In reading Aleksander Hemon’s collection of short stories (linked?) Love & Obstacles I am at once struck by the similarities of his bio and the presumed narrator of his stories. It is also hard to write this review without unintentionally applying the weird angles with which Hemon comes to the English language; I keep wanting to write in choppy tourist-ese, a beguiling translation from an original language into what is English but without the usual syntax and adjectives a person who has spoken English all their life would never employ. I saved as a souvenir some tour notes a guide handed to me before I boarded a bus in Montenegro to go to Albania. My husband and I in a desperate attempt to get to Albania booked a tour from a kiosk along the beach promenade in Budva. “What do you mean you don’t want return ticket? No one stays in Albania!” We also declined the “adequate lunch” as we wanted to save a few Euros.
Hemon’s stories are a feast. But never too far behind the romperous stories of youth (“passing around a cigarette, discussing, as we were wont to, masturbation and ways to die”) is the soft-focus of The Siege of Sarajevo. Of the number of friends he writes about, all up to “mischiefs” doing what kids do: getting into trouble, messing around at construction sites, trying to derail trains, pestering girls, pleasing/displeasing parents—is the unasked question (except in “American Commando” where Alma the interviewer asks . . .) Whatever happened to these guys? Dead, most/some/all of them from sniper/market bombings/casualties of war.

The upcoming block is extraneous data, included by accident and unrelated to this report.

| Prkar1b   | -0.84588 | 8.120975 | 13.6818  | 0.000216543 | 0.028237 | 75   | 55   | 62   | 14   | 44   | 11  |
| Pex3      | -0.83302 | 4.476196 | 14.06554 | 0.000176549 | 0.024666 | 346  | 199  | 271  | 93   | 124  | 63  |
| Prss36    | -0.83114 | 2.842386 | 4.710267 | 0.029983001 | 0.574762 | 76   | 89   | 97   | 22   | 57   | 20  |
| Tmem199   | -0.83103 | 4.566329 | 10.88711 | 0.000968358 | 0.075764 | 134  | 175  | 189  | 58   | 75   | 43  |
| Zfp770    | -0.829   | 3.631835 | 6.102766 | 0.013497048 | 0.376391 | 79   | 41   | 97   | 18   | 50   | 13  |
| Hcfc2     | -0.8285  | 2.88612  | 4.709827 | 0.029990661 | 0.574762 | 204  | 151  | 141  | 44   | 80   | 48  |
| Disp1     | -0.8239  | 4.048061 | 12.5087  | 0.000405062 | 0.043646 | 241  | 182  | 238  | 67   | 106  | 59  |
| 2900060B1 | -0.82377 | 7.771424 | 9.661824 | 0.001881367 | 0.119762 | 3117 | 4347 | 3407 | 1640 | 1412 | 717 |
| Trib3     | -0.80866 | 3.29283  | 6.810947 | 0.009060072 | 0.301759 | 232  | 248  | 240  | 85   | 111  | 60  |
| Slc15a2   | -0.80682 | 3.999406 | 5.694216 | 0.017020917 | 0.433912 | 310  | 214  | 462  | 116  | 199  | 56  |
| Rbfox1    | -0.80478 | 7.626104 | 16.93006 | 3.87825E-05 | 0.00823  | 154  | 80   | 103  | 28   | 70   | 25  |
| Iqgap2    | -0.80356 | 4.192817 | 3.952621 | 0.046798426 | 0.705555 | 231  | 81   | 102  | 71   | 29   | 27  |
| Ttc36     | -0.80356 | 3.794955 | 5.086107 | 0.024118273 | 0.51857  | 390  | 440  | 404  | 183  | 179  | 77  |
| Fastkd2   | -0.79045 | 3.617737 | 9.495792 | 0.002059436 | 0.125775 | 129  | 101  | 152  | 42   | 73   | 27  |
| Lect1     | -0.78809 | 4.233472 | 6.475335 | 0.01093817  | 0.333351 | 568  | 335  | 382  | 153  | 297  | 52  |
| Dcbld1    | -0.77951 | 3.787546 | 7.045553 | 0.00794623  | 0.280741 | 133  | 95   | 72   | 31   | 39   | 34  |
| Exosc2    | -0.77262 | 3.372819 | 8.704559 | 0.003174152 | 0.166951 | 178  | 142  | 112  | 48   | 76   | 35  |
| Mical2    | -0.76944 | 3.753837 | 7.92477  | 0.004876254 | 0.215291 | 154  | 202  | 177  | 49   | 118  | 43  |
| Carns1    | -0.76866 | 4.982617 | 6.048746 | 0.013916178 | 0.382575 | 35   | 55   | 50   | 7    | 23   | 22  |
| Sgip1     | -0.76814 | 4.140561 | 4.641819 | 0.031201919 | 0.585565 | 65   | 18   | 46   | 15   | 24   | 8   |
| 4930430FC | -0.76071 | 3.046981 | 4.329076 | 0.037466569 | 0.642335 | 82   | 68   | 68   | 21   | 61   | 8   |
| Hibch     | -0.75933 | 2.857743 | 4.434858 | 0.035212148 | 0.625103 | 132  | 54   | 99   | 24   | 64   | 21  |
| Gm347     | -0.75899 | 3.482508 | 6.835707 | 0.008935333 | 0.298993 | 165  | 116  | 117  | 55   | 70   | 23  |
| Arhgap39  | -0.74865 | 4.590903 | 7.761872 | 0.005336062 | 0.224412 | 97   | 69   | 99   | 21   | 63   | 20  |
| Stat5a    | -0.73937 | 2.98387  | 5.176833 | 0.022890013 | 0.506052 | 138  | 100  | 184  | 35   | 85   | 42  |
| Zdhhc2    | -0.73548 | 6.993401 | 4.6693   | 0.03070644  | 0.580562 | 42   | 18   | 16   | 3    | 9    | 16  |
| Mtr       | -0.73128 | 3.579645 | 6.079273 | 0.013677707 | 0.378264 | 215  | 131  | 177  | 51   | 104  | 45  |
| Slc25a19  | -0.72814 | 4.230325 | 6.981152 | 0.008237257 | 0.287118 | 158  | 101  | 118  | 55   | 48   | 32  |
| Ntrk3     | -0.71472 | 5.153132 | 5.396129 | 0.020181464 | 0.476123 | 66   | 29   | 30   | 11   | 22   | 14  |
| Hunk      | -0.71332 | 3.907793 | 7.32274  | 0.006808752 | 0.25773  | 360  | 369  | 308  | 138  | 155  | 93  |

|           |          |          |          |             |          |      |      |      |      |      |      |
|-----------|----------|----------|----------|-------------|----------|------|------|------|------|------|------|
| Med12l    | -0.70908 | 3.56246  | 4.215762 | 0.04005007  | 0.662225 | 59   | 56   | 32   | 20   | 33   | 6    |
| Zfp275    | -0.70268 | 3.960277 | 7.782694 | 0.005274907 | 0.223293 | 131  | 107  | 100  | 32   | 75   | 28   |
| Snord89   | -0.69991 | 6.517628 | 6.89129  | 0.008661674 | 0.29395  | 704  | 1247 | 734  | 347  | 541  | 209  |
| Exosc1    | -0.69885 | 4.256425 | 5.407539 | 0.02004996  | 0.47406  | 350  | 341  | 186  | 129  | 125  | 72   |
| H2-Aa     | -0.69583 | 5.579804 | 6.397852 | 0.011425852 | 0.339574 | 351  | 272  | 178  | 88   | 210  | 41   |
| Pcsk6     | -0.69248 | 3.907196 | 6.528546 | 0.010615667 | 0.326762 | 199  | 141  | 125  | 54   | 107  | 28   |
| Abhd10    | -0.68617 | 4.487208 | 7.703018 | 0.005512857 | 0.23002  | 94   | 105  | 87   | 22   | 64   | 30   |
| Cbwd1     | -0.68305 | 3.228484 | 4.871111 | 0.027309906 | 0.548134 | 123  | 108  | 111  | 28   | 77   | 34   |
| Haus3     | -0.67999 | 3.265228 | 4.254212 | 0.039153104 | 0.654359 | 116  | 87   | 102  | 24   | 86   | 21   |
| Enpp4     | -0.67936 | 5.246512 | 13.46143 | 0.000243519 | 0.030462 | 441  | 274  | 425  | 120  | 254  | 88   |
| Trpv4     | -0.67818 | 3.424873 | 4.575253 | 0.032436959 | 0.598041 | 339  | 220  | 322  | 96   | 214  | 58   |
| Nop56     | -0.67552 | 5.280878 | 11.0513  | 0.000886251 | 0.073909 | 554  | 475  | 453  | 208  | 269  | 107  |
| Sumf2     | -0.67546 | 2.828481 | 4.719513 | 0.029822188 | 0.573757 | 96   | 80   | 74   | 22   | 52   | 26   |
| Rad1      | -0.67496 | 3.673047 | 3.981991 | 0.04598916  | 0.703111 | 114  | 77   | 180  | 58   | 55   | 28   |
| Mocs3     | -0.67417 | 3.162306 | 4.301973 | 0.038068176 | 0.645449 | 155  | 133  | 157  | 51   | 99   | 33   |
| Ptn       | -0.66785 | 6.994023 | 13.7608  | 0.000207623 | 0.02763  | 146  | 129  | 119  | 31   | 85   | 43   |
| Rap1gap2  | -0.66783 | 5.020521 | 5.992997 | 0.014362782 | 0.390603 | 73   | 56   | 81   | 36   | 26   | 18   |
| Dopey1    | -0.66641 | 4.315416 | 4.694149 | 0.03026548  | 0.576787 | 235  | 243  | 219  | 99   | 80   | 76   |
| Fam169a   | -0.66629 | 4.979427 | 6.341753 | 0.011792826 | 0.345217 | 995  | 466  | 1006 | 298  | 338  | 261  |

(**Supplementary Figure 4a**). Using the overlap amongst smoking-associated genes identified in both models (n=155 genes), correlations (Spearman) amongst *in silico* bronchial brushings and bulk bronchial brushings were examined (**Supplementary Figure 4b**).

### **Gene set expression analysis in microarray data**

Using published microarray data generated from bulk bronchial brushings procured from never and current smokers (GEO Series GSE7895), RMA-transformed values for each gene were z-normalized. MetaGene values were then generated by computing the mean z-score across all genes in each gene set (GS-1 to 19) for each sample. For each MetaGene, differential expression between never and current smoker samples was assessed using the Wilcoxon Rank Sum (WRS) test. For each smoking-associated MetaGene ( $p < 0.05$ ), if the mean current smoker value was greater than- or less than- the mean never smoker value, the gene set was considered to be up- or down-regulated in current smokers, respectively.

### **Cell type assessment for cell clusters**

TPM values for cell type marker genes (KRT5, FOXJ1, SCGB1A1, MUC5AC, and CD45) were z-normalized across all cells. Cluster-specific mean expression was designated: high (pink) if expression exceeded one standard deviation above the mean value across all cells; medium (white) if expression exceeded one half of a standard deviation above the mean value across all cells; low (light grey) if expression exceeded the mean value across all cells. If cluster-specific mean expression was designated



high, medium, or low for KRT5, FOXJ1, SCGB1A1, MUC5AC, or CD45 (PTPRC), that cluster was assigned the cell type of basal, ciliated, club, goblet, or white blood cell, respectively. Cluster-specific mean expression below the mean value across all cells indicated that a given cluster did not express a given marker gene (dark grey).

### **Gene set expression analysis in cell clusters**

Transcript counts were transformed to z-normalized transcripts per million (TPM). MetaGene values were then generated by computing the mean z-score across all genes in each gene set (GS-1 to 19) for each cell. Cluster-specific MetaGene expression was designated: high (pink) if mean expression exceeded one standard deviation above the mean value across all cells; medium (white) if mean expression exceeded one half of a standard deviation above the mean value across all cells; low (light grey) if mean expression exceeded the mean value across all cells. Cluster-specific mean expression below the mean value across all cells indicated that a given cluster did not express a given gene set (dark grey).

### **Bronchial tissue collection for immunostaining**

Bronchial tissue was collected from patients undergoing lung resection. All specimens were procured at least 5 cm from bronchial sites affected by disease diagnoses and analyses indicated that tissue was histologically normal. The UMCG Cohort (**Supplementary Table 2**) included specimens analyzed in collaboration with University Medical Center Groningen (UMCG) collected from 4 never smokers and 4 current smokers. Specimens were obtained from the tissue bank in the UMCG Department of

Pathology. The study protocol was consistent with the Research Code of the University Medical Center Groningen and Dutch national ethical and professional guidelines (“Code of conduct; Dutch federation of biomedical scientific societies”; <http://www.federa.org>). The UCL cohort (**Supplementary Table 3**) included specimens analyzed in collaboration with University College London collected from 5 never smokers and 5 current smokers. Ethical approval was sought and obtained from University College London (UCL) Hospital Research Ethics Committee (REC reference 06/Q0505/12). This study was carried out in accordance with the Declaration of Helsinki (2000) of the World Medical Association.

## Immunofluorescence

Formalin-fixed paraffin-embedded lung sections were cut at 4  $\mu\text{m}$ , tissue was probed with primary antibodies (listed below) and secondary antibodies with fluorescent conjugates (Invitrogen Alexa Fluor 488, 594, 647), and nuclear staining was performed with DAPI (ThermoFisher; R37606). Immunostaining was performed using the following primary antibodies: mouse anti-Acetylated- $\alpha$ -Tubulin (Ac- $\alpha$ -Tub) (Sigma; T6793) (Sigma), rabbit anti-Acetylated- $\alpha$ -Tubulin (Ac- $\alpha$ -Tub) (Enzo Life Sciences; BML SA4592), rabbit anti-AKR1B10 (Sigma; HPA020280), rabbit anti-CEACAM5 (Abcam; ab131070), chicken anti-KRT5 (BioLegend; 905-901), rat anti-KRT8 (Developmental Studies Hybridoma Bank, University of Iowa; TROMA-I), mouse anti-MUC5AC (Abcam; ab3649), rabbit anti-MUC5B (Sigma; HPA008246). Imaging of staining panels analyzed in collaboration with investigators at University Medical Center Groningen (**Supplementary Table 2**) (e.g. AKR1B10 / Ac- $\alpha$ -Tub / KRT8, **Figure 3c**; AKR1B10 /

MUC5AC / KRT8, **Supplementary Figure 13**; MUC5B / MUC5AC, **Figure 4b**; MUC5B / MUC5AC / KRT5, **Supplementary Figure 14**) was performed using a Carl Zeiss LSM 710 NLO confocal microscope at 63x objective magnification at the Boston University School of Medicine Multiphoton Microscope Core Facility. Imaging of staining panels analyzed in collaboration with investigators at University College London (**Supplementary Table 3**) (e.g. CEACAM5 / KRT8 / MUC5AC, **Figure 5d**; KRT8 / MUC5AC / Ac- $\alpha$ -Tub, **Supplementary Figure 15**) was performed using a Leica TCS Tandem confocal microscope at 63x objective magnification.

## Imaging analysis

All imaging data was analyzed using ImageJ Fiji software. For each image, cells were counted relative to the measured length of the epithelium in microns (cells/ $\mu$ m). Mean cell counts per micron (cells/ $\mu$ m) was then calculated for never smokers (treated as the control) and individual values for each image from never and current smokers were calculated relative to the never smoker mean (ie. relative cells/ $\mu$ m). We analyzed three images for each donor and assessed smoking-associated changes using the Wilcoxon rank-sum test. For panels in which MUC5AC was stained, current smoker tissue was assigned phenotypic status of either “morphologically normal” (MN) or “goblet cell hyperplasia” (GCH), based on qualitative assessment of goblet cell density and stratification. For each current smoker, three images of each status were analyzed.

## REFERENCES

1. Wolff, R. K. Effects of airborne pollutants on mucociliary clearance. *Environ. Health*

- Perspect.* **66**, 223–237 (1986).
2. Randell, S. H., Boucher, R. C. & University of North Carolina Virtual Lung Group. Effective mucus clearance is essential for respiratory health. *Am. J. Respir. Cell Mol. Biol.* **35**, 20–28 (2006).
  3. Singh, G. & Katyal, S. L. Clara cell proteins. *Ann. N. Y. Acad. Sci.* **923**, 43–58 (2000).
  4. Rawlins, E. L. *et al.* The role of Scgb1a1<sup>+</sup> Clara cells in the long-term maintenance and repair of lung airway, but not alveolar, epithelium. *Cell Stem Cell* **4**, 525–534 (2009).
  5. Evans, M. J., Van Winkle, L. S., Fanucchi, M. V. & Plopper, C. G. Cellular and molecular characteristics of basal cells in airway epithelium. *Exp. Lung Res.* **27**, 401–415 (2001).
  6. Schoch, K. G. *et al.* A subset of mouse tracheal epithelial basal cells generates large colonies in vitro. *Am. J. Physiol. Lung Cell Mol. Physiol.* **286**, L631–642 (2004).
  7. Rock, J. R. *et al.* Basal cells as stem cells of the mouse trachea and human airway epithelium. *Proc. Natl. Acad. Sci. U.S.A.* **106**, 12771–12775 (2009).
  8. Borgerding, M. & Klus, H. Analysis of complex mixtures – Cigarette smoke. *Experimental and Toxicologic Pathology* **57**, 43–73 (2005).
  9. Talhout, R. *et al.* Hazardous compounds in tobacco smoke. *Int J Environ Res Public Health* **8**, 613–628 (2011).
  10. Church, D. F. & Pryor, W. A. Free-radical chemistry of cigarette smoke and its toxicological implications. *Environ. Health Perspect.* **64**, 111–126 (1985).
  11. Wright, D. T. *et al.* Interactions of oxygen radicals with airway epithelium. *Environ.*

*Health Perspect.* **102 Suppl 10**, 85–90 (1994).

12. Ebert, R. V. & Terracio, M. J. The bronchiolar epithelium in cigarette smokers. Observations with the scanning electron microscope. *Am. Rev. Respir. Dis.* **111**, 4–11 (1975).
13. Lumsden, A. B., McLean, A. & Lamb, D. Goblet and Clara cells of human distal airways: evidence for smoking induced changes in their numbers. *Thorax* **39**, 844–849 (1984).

As someone who is mostly against war (whatever confusing hypocrisies that “mostly” entails) the Bosnian War (but what about the Croats, the Serbs you may ask!) whatever the war was called, a war for Independence or a war to Preserve the Union—as a pacifist American the conflict made no sense. And, later, traveling between Croatia and Montenegro, and the bits and pieces of the Yugoslav break-up, as an outsider I could discern no real difference. Except at the border. All these different passports, such colors, and everywhere the double-headed eagle.
In all his books Hemon has been able to ably convey that he is a Nowhere Man, a foreigner American, new to English yet a master of the language, an immigrant who knows us better than we know ourselves. He is a communicator, his stories hit us in both a place we recognize and know nothing about at all. Some call it the soul.
With his stories there is always a before with an unmentioned after. Yet it is out there, lingering in the shadows. His stories are thinly disguised memoir, where the “I” character is a stand-in for Hemon, in one form or another, or perhaps he is a stand-in for a story he’d heard or for a friend from that vanishing circle of friends. They are nostalgic in the fullest sense of that word, warm reminisces that hide the real truth, a fractured reality that wakes us up in the middle of a seductive paragraph.
So I checked the front matter. What? Why? Maybe like turning over a photograph to see if the figures are identified or the event possibly dated. The book was copyrighted 2009. And, for some reason (What? Why?) I thought these stories were likely written before the financial crash. Before life got hard and then real hard. Before we knew what was coming. Before we cut back on meat or started saving ridiculous things “just in case.” Before my parents died and before (as I read later) Hemon’s second daughter, only 1 years-old, passed away.
I enjoyed his stories very much, but cannot help imagining what they’d feel like without the war, without loss, or even the crash. They strike a cord that resounds with laughter in the face of grief, that despite hardship: now is all we have.
I highly recommend Love & Obstacles, and maybe start near the end with “American Commando” for his version of dissociation self-revelation.